A team of University of Oxford-linked scientists have suggested a centralized smartphone app could feasibly be designed to alert people who had been in close proximity to a person who tested positive.
The House Foreign Affairs Committee is reportedly having difficulty getting pro-Trump witness Robert Hyde to cooperate with their investigation of allegations that former U.S. Ambassador to Ukraine Marie Yovanovitch was illicitly placed under surveillance.
A pupil at St. Elizabeth Seton Catholic Elementary School in Newmarket, Ontario, Canada, told his mother he saw the device on the ceiling above a urinal.
Five tourists were deported last week after they sneaked into the iconic ruins before dawn; they're accused of destroying part of the ancient attraction.
An unexplained band of drones has been spotted repeatedly patrolling the skies of Colorado at night over the last week, according to The Denver Post.
"A compromised account would allow the hacker to remotely use Ring's built-in two-way chat feature and access all Ring devices associated to that account," one security expert told Newsweek.
A Delaware minister, who also worked selling real estate, was charged with placing a hidden camera in the women's restroom at the office.
Swedish police will soon be able to secretly install spyware to read encrypted messages on the computers and telephones of crime suspects. The results will be keenly watched in Washington and beyond.
Plans to monitor St. Louis with "spy planes" were denounced at a protest in the city Thursday.
Rep. Eliot Engel, the chairman of the House Committee on Foreign Affairs, wrote to National Security Advisor Robert O'Brien Monday to request clarification on the reports.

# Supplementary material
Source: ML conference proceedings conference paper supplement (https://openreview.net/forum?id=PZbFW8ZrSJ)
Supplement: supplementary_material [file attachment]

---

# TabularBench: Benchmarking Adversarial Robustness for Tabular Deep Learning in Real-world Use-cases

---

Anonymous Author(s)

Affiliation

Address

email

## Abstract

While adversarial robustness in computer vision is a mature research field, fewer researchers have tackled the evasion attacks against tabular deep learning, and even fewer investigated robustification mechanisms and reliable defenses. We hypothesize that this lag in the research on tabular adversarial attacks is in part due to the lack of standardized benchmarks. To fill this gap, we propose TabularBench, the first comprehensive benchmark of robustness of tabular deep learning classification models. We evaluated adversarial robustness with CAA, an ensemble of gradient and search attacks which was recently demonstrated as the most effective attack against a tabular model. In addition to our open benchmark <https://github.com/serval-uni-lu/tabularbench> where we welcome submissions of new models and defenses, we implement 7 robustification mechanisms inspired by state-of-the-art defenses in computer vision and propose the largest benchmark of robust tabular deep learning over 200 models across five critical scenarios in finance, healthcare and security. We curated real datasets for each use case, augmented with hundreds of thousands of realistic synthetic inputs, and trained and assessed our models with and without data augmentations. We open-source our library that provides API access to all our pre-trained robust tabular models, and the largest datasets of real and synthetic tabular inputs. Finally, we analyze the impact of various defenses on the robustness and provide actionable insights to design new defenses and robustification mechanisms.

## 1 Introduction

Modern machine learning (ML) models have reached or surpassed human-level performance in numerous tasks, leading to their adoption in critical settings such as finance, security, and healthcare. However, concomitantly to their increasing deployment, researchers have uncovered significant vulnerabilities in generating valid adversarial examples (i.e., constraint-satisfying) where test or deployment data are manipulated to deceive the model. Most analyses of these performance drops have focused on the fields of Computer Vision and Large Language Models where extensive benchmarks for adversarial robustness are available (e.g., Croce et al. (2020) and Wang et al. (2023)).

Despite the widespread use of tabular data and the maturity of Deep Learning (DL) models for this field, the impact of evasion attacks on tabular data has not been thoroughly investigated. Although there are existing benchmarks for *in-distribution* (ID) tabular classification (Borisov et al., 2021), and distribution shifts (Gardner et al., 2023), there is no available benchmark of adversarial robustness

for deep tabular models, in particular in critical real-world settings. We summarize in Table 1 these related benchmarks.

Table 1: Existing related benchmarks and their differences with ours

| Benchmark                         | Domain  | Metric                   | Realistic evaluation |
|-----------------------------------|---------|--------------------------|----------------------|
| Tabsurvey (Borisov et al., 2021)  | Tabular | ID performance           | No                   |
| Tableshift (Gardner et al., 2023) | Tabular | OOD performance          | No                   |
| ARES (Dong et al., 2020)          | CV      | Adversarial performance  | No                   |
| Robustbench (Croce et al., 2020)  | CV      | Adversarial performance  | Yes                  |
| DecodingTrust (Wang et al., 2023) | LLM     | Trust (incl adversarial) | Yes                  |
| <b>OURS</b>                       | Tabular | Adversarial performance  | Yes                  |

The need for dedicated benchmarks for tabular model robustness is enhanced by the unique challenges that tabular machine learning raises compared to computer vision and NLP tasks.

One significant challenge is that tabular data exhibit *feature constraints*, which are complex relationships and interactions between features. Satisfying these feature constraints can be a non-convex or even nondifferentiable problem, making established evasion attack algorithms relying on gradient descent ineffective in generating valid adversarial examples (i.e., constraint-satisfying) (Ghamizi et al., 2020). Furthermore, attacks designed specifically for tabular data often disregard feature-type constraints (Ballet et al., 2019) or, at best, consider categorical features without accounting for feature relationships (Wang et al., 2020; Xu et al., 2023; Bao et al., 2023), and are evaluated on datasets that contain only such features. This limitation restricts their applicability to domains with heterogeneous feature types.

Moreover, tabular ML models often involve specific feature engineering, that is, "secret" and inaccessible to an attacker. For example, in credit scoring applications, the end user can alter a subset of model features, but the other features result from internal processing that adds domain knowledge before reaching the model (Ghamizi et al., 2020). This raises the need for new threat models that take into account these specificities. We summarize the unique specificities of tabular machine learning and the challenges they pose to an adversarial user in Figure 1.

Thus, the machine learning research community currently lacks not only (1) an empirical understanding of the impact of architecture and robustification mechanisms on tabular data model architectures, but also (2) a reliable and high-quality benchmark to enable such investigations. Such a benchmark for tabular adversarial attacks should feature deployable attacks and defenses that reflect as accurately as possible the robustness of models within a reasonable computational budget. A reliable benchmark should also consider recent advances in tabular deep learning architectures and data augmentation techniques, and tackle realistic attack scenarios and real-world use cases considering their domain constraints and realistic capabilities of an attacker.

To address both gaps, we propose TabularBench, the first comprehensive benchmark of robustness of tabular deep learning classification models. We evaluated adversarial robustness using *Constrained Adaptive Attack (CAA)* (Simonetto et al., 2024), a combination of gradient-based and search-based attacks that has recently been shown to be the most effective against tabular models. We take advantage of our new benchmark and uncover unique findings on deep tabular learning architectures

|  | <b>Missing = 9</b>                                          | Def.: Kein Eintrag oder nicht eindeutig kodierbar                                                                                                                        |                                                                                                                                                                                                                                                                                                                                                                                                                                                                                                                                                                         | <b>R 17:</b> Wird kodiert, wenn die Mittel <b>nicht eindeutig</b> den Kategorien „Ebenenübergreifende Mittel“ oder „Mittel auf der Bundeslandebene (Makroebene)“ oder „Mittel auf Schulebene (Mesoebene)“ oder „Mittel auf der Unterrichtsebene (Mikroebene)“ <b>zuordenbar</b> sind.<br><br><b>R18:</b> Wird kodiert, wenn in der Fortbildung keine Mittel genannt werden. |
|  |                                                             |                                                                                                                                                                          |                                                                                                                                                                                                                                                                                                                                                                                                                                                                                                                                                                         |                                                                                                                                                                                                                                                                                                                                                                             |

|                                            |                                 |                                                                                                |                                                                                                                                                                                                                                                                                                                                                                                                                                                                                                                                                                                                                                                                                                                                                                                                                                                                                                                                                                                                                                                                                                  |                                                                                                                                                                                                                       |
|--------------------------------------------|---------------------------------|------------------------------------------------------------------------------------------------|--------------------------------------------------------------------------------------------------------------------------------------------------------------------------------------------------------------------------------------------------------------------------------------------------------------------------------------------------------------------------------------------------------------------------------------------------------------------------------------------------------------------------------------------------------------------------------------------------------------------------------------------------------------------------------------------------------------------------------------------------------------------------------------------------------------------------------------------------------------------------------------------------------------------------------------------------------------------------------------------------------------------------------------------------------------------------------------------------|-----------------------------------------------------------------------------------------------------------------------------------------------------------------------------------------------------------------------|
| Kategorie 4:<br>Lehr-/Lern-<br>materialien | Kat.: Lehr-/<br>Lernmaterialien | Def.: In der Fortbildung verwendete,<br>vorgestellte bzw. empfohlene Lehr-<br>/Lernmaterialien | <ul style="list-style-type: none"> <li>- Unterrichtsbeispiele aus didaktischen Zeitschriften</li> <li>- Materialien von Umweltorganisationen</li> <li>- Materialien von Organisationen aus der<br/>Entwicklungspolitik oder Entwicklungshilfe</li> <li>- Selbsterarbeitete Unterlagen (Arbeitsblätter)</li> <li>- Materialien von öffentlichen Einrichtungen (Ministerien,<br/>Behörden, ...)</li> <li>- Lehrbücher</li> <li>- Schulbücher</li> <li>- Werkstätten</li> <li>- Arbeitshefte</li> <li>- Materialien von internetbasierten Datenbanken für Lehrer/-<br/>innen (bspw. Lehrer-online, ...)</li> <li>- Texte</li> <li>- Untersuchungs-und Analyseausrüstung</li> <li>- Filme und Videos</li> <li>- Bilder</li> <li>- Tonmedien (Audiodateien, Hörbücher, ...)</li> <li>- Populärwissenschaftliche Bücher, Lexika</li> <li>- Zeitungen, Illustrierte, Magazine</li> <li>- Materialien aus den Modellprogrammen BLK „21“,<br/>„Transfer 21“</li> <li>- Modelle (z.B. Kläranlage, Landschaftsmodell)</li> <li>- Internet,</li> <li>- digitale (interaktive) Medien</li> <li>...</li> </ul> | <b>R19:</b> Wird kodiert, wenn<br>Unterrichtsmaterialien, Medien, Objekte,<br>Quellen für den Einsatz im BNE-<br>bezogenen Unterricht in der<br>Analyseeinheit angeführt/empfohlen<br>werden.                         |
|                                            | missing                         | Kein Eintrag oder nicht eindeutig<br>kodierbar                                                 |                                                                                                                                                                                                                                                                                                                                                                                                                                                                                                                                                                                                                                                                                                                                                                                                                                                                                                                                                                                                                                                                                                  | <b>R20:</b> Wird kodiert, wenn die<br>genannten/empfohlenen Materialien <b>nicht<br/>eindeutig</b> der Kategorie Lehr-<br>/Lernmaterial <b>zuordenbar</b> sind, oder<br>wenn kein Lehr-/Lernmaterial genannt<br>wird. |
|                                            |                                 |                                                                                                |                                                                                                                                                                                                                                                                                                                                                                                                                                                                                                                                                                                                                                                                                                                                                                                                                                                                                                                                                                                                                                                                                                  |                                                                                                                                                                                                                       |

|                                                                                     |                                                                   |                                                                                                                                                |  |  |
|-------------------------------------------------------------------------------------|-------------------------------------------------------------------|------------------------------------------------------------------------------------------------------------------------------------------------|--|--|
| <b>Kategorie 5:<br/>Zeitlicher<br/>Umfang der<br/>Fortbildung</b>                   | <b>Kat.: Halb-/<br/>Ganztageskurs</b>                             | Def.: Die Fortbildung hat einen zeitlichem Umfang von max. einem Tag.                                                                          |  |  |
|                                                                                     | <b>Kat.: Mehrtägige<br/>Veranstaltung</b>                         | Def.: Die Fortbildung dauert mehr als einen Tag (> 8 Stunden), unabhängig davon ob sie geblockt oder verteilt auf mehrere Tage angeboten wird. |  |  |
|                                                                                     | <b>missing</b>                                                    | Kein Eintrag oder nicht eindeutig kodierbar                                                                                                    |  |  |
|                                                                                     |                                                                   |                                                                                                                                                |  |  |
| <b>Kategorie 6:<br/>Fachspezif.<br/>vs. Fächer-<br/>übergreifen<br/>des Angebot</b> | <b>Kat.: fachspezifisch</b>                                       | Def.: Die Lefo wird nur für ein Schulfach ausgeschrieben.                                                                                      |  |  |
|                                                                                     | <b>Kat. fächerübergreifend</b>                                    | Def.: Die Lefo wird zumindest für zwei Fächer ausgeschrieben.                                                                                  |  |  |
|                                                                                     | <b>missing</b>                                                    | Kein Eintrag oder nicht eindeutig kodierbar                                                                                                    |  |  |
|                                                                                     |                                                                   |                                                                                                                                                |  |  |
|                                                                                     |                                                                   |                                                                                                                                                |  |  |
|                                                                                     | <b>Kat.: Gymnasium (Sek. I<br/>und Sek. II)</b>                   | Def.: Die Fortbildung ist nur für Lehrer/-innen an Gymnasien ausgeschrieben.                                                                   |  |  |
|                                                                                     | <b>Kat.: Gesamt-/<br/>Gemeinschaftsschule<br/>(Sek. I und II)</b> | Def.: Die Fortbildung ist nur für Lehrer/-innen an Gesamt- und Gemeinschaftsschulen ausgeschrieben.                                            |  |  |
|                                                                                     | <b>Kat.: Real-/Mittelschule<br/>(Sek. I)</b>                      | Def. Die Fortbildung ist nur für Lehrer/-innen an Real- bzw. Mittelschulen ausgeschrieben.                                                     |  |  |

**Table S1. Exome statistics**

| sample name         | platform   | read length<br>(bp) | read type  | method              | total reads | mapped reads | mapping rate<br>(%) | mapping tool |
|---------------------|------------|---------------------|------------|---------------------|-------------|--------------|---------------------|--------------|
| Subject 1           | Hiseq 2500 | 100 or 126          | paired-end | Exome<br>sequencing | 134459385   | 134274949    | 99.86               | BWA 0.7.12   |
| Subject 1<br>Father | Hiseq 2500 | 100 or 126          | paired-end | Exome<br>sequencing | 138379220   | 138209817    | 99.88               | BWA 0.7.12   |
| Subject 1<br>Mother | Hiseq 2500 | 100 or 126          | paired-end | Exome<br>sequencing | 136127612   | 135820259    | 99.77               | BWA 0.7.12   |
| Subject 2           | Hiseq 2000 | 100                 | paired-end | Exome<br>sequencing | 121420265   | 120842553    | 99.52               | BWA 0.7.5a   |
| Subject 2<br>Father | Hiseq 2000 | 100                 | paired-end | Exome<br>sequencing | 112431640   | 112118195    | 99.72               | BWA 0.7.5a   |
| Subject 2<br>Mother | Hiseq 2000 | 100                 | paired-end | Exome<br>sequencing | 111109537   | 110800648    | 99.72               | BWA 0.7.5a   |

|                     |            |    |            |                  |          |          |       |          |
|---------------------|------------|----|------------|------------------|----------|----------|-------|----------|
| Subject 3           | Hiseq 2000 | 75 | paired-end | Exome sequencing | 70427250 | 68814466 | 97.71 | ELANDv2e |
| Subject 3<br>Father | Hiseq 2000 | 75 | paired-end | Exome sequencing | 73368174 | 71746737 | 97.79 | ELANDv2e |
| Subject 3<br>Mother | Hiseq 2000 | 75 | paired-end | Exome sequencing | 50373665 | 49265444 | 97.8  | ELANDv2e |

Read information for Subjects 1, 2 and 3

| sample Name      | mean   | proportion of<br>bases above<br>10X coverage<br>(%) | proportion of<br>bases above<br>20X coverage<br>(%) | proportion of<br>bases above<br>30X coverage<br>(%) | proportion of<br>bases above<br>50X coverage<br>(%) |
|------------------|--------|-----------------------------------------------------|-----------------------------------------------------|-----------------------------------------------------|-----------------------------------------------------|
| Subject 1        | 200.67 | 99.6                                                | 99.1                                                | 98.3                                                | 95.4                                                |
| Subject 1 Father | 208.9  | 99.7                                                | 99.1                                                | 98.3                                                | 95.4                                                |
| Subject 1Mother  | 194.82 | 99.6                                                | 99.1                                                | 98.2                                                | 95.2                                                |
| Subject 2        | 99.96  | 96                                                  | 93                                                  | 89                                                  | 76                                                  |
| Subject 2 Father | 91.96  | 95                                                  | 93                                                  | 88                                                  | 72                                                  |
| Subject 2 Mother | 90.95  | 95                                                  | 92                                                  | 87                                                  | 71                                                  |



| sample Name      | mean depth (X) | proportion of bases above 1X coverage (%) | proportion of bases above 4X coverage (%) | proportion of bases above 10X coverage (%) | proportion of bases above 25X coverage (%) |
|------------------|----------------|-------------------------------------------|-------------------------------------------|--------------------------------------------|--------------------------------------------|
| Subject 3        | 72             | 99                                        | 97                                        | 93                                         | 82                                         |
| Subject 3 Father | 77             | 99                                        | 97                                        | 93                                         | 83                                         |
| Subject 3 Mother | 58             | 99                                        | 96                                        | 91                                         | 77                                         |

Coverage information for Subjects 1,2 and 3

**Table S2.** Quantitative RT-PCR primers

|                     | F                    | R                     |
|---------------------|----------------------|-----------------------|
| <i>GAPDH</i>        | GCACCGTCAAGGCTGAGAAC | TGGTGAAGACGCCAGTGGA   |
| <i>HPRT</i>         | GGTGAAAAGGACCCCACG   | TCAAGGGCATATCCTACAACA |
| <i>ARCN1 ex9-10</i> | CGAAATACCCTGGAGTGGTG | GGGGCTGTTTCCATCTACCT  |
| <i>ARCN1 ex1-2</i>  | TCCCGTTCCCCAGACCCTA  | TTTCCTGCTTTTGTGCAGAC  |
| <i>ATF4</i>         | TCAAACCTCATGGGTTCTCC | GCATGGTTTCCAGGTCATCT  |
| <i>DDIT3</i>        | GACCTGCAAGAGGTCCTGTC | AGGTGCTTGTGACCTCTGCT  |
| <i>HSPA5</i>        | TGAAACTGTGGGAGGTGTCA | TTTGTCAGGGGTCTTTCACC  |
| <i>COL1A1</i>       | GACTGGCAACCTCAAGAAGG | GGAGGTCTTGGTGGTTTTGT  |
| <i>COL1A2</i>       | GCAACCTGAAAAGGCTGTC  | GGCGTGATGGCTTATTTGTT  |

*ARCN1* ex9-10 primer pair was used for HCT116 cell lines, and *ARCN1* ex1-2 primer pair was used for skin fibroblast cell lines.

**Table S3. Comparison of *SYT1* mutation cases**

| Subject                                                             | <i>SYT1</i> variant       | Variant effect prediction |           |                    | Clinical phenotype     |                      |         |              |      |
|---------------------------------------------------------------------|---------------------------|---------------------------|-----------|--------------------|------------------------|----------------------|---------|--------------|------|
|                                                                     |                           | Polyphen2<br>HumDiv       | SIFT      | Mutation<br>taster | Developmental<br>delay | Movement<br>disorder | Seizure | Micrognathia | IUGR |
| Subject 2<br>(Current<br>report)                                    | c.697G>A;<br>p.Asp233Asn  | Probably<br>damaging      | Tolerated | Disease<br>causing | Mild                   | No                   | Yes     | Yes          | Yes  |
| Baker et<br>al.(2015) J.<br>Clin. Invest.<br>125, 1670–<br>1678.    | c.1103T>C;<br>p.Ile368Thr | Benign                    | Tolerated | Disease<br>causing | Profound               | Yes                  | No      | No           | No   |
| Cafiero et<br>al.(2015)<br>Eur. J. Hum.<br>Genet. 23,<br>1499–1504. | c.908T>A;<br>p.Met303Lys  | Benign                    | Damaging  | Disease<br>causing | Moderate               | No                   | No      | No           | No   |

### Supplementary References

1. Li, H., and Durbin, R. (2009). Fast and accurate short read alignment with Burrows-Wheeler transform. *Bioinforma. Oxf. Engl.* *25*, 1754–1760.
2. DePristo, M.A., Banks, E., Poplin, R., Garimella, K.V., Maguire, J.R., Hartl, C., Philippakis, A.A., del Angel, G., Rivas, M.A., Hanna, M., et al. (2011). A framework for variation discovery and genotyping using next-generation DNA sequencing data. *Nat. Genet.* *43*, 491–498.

Hong Kong Chief Executive Carrie Lam said the ban was needed as a "deterrent to radical behavior" following months of anti-government protests.
Stefan Carr brutally attacked his ex-girlfriend in May. Today, he was sentenced to 11 years and 3 months in prison due in part to evidence captured on home security cameras.
The school's move comes amid concerns about China's surveillance of its citizens.
Attacker Connor Betts, 24, was killed by police within 30 seconds of the first shots being fired outside a bar in the city's entertainment district.
U.S. Southern Command has been testing as many as 25 balloons over the Midwest, which can float at 65,000 feet and capture video of whole cities.
"We do not have any direct evidence of who is using Monokle or against what targets, but the effectiveness of a surveillance tool like Monokle indicates that it could be used against any target, including government officials," Kumar told Newsweek.
There are concerns that the data is being used to target undocumented immigrants in the U.S.
China's deployment of surveillance to detain Turkic Muslims who use "suspicious network tools" like WhatsApp or too much electricity should concern Western leaders.
Hey Alexa! Who would have guessed it's convenience, not totalitarianism that would bring all-seeing eyes into our homes?
It's a privacy application that keeps you anonymous on the internet—and it's now on Google Play.
Economic pressure on the company comes as the trade battle between the U.S. and China continues to escalate.
Pegasus malware, typically sold to intelligence agencies, can spy on calls and texts while also recording audio and video from phones.
A homeowner in California checked her home surveillance camera video only to find a man licking her doorbell for three hours.
"This is unbearable! It could have been a grizzly situation!" one Facebook user joked under the California Highway Patrol Facebook post.
"You don't need people's cooperation for us to be able to recognize their identity," said one researcher.
Cyber tools—deployed to snoop on phone calls, texts, online activity and audio—were allegedly used on civilians, often to grave consequence.
The rights group called the cyberattack a "deliberate attempt to infiltrate Amnesty International."
Agents check passengers for signs, including body odor or a "cold penetrating stare."
"I don't believe that them looking into Carter Page means they were spying on the campaign. I also don't think it proves anything about collusion or anything like that," Senator Marco Rubio told CNN Sunday.
"People should be free to walk down the street without being watched by the government," the ACLU said.